By Cheryl Edwards-Cannon
My mother lived with dementia for more than 15 years. For as long as she was able, I made every effort to take her along with me whenever I did my errands. It was good for her and I truly enjoyed her company. That’s not to say that going out was easy. It required a lot of advance preparation – and a healthy sense of humor! (You really can’t make up some of the stuff that happens when you take older adults out for a spin.) But in the end, it was worth it because it enhanced my mother’s life and provided pleasant memories and stories about our relationship. Here are a few “sanity tips” for taking a loved one with dementia on an outing.
Taking my mother on errands enhanced her life and provided us plenty of memorable stories to share.Cheryl Edwards-Cannon
Always anticipate what might go wrong – and be prepared. Bring along a snack, wet wipes, rubber gloves and a change of clothes in case there is an accident. Think of your “adult survival kit” as a parent would if travelling with a young child. You will need to be comfortably dressed in something with plenty of pockets. Events happen quickly and rummaging through a purse searching for a tissue may not be possible.
In the event there are unforeseen delays, you might need to help soothe or focus your loved one. Pack a small, portable “focus object” such as a magazine with lots of photos to look at in case you need to wait in line. Also, mentally prepare a few “games” to help your loved one stay occupied. For example, you could ask your loved one to play “I Spy” and look for certain items while you are waiting your turn in line. If your car is equipped with a DVD player, pop in a movie as entertainment for longer trips. Don’t forget music! A CD of their favorites songs provides an opportunity for all to join in.
Consider the Venue Carefully
People with dementia get easily distracted or overwhelmed. If you are venturing into a store, think about its set up: are the aisle wide and easy to navigate? Or are they stocked with extra merchandise in the aisles? Is the music loud or the lighting harsh? These elements can prove too much for some dementia patients, so choose venues that are less chaotic or packed with excess visual stimulation.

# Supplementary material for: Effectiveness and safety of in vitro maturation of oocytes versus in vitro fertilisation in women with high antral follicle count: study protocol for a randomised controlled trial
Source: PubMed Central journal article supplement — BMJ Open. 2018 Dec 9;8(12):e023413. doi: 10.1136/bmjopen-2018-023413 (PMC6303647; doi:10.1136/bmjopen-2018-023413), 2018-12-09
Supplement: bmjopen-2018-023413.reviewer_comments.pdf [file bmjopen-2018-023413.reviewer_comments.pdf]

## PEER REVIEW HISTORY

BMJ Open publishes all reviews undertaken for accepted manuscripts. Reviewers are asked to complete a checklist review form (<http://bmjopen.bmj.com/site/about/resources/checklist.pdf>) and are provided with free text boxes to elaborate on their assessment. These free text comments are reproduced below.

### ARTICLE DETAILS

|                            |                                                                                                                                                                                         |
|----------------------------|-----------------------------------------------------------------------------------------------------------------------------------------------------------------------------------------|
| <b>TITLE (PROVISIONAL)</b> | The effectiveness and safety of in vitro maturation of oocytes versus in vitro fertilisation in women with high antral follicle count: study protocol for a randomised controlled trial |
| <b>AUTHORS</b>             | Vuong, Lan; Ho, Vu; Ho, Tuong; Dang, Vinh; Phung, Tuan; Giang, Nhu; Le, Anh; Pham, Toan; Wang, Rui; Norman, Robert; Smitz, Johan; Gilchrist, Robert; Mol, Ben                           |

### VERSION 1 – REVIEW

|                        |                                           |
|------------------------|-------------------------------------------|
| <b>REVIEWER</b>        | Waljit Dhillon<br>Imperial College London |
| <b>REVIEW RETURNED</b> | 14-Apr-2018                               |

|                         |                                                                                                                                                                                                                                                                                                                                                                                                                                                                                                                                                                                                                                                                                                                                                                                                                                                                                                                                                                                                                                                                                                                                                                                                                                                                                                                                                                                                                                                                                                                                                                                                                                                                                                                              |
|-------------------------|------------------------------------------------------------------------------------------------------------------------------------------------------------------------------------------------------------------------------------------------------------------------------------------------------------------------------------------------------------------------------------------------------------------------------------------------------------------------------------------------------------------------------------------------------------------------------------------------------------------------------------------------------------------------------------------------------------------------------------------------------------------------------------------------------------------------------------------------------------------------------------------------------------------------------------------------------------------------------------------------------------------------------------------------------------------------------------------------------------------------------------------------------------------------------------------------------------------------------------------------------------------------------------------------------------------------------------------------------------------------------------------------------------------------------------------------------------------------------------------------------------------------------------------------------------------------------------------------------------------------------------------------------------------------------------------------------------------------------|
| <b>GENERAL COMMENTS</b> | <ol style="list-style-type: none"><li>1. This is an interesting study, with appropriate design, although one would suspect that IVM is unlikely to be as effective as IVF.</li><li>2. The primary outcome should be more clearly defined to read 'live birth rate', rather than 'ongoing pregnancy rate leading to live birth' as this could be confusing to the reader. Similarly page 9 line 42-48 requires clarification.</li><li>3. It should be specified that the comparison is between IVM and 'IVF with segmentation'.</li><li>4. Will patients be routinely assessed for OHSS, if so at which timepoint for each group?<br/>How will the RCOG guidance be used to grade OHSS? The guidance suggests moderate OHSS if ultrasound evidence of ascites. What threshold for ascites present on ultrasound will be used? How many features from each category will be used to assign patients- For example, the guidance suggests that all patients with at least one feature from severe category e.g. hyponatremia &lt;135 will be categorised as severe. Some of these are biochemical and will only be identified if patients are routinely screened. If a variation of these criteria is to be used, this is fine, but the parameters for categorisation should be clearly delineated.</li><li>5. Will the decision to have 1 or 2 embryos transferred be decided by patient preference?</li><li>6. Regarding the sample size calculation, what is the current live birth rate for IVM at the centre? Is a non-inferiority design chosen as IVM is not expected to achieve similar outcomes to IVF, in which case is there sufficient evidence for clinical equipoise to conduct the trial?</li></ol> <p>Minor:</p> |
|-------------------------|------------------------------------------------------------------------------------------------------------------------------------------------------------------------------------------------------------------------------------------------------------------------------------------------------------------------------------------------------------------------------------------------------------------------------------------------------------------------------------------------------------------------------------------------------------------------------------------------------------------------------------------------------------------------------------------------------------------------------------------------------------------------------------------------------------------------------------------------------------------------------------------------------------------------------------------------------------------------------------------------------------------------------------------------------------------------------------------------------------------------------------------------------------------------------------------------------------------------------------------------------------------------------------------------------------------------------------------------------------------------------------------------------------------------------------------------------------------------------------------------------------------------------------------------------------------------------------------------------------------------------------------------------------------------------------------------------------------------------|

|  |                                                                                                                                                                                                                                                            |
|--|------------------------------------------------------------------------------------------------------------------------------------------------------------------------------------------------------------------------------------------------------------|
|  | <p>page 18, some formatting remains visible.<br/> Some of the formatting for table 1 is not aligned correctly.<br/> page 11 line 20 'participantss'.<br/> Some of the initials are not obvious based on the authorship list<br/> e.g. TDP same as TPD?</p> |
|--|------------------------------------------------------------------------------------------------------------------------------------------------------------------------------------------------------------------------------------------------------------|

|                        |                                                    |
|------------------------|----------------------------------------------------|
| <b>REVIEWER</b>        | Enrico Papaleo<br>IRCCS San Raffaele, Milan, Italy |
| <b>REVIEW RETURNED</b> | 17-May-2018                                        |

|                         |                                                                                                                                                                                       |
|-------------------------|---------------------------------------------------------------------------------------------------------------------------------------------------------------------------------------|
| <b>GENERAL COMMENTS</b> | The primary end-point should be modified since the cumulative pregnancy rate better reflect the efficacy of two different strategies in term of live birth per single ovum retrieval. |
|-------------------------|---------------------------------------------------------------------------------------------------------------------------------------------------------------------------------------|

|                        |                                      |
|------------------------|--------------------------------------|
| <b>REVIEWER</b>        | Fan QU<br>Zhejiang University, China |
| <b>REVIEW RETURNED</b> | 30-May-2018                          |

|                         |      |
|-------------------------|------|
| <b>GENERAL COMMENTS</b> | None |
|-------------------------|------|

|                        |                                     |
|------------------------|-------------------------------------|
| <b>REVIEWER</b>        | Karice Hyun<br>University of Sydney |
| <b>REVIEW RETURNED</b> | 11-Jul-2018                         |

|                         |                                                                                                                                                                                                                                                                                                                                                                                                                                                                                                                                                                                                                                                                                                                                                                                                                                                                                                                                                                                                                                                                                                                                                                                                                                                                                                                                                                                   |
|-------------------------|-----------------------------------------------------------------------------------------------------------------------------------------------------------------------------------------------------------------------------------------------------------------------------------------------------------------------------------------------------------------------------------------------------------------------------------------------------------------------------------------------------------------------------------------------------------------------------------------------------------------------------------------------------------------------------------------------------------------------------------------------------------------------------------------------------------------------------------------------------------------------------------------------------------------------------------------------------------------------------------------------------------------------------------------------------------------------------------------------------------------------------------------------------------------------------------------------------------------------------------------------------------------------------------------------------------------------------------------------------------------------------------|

Depending on where your loved one is in their progression with dementia, you’ll need to enact extra safety measures. For example, my mother reached a point where she needed to hold my hand so that she would not wander off. Depending on the venue, let them wander provided they are always in your line of sight. If you are in a store that has shopping carts, have your loved one push the cart for you. It makes them feel like they are helping out and it will you provide assurance that they are just a few steps away.
Even though getting someone with dementia out of the house might seem challenging, with preparation and careful selection of your destination, you and your loved one can experience a meaningful time together.
About the author – Cheryl Edwards-Cannon holds a certificate in Gerontology and is the owner of Clear Path Choices, a consultancy that helps families provides direction and support for families facing elderly care challenges. She is the author of Taking Care of Miss Bee Bee and her writing has been featured in three Chicken Soup for the Soul anthologies. Learn more at: www.clearpathchoices.com.
Want more stories like these? Check out our archives on being a friend to the elderly.